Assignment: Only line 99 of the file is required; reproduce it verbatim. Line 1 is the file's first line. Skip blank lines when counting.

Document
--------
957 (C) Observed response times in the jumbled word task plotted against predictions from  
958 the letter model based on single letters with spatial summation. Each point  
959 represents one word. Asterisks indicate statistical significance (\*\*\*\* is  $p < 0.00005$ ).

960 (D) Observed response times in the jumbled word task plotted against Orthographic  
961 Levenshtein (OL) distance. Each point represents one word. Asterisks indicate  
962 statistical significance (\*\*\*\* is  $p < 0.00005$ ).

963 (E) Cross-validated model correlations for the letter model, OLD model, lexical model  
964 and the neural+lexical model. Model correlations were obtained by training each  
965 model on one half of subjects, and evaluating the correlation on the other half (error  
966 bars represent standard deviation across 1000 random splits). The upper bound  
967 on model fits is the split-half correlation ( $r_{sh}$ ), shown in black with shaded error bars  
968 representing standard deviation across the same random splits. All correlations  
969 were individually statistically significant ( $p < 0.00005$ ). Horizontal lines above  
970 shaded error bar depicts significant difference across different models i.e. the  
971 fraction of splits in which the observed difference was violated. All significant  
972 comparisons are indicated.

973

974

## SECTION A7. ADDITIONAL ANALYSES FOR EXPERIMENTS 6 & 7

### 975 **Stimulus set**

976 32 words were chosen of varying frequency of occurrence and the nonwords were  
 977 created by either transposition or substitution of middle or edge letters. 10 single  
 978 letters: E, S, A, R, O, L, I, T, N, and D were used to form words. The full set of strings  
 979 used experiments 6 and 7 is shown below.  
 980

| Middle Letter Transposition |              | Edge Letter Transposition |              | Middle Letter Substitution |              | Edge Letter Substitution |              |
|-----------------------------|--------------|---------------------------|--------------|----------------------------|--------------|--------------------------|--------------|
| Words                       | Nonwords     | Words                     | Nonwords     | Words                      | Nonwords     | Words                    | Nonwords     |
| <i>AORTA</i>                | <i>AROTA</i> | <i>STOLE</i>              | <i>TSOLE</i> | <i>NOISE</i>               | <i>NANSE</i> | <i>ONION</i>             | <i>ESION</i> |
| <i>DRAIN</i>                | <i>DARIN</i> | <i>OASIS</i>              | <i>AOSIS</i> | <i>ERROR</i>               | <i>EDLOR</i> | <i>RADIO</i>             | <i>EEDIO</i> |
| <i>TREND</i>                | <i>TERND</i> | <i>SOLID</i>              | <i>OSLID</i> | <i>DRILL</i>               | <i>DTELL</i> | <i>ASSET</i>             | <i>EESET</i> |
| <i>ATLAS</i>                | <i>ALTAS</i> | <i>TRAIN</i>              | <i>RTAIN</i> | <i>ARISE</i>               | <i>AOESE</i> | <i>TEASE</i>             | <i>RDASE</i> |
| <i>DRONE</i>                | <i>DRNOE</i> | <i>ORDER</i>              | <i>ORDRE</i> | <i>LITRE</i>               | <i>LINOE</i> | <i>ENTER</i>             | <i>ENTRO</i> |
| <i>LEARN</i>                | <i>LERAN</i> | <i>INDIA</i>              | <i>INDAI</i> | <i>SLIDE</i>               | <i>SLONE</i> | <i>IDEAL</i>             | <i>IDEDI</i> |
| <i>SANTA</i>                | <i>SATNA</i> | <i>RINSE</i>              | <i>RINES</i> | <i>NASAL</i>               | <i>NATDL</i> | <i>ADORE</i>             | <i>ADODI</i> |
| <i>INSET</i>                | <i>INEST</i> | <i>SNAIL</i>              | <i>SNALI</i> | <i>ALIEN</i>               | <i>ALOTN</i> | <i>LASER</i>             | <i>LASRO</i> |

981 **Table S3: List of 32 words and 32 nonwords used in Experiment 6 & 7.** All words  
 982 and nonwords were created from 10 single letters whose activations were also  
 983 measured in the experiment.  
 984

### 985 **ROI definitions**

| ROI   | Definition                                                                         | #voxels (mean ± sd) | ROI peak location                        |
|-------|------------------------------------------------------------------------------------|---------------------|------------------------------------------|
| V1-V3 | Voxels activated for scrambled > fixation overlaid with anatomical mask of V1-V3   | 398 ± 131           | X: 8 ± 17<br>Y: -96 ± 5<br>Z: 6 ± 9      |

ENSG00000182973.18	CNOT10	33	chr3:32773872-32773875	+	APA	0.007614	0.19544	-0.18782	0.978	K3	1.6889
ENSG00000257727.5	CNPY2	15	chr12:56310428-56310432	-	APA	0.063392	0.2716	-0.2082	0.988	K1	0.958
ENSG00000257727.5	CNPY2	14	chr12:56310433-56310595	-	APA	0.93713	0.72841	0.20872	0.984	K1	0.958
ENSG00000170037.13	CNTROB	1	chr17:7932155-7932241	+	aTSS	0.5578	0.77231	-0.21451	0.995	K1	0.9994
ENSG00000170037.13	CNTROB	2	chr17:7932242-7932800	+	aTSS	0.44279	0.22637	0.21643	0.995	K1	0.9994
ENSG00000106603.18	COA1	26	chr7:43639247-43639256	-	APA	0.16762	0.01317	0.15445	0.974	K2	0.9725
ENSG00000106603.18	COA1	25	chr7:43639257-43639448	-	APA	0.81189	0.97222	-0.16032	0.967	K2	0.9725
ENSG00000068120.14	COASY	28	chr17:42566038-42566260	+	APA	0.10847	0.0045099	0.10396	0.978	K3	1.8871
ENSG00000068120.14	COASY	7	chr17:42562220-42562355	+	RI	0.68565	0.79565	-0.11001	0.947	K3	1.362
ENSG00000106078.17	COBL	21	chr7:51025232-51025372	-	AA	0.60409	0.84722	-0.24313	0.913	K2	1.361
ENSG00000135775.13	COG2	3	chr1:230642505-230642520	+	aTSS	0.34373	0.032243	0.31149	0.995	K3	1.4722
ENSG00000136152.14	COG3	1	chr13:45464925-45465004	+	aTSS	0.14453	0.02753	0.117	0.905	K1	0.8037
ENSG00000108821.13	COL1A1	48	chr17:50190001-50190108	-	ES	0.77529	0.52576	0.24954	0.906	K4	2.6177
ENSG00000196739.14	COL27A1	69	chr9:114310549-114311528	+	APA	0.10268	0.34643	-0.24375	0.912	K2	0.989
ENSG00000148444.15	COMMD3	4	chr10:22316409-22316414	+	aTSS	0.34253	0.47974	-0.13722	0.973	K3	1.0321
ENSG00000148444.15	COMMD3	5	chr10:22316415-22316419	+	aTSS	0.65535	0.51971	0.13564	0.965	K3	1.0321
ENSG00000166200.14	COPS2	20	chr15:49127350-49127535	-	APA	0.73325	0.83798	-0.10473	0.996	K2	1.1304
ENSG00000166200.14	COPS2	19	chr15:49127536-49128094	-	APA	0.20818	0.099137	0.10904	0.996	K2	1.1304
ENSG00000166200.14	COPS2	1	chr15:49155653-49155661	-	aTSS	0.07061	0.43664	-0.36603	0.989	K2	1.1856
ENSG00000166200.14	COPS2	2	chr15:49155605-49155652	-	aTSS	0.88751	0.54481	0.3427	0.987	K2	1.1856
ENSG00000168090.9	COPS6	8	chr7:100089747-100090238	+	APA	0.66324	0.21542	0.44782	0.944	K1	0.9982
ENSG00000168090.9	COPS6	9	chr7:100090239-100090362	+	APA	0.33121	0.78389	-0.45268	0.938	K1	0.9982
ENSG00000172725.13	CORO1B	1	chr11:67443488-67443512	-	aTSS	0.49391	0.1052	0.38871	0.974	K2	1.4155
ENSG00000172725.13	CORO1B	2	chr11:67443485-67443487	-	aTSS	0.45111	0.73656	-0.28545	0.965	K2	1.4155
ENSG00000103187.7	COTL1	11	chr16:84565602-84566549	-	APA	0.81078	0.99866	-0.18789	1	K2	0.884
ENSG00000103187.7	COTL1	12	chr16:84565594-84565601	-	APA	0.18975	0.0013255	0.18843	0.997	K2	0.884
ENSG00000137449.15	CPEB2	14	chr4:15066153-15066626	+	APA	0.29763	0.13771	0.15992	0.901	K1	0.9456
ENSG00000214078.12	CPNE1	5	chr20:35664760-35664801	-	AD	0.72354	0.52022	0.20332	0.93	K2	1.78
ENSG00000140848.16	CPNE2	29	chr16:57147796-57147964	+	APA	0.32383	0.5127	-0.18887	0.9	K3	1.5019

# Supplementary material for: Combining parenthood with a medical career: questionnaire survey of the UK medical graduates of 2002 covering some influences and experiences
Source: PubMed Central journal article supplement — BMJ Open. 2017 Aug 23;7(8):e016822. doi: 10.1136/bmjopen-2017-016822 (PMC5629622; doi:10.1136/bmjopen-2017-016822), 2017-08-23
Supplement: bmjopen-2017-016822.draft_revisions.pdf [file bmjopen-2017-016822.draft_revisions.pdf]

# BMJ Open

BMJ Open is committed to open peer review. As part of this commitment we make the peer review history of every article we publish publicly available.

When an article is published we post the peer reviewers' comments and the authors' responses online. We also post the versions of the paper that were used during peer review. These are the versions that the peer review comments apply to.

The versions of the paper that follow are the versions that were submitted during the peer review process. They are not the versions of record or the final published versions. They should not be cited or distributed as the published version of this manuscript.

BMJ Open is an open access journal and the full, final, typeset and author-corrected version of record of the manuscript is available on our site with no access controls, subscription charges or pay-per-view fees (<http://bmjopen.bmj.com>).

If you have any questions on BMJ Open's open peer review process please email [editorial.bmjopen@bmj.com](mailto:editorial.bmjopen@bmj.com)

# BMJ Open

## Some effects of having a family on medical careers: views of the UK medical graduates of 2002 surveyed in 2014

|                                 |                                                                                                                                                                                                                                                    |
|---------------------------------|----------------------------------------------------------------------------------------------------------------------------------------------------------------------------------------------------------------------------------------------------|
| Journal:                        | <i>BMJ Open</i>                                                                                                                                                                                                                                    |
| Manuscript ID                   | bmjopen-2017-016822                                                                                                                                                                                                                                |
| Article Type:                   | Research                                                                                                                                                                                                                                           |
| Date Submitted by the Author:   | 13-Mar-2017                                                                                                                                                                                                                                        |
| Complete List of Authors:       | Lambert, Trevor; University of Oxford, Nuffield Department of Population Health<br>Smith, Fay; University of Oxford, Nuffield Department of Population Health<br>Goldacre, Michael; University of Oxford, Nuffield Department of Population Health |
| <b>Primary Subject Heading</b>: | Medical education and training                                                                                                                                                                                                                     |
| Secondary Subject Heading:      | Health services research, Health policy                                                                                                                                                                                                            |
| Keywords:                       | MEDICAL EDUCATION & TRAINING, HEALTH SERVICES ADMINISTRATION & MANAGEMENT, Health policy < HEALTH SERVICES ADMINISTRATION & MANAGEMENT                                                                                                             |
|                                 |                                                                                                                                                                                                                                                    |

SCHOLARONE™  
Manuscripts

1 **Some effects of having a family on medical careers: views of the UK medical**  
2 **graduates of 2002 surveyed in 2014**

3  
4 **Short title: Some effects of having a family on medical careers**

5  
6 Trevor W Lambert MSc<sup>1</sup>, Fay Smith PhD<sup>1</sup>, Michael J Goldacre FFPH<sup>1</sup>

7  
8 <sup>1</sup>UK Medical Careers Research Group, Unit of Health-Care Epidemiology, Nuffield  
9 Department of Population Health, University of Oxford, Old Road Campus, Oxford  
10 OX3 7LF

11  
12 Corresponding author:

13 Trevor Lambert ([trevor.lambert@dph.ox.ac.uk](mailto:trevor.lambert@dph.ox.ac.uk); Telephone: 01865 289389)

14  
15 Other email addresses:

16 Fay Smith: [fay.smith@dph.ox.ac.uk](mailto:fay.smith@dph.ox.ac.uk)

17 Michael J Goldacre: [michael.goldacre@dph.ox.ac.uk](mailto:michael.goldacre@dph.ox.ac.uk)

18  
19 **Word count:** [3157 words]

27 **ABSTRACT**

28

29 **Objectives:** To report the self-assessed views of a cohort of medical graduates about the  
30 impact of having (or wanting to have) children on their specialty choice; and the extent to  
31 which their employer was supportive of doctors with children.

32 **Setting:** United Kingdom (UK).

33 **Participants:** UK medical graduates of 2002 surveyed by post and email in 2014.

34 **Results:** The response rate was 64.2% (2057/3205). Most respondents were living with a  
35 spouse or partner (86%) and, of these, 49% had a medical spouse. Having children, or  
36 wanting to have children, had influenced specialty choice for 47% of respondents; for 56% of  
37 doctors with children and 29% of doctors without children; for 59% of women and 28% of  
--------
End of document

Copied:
2 **graduates of 2002 surveyed in 2014**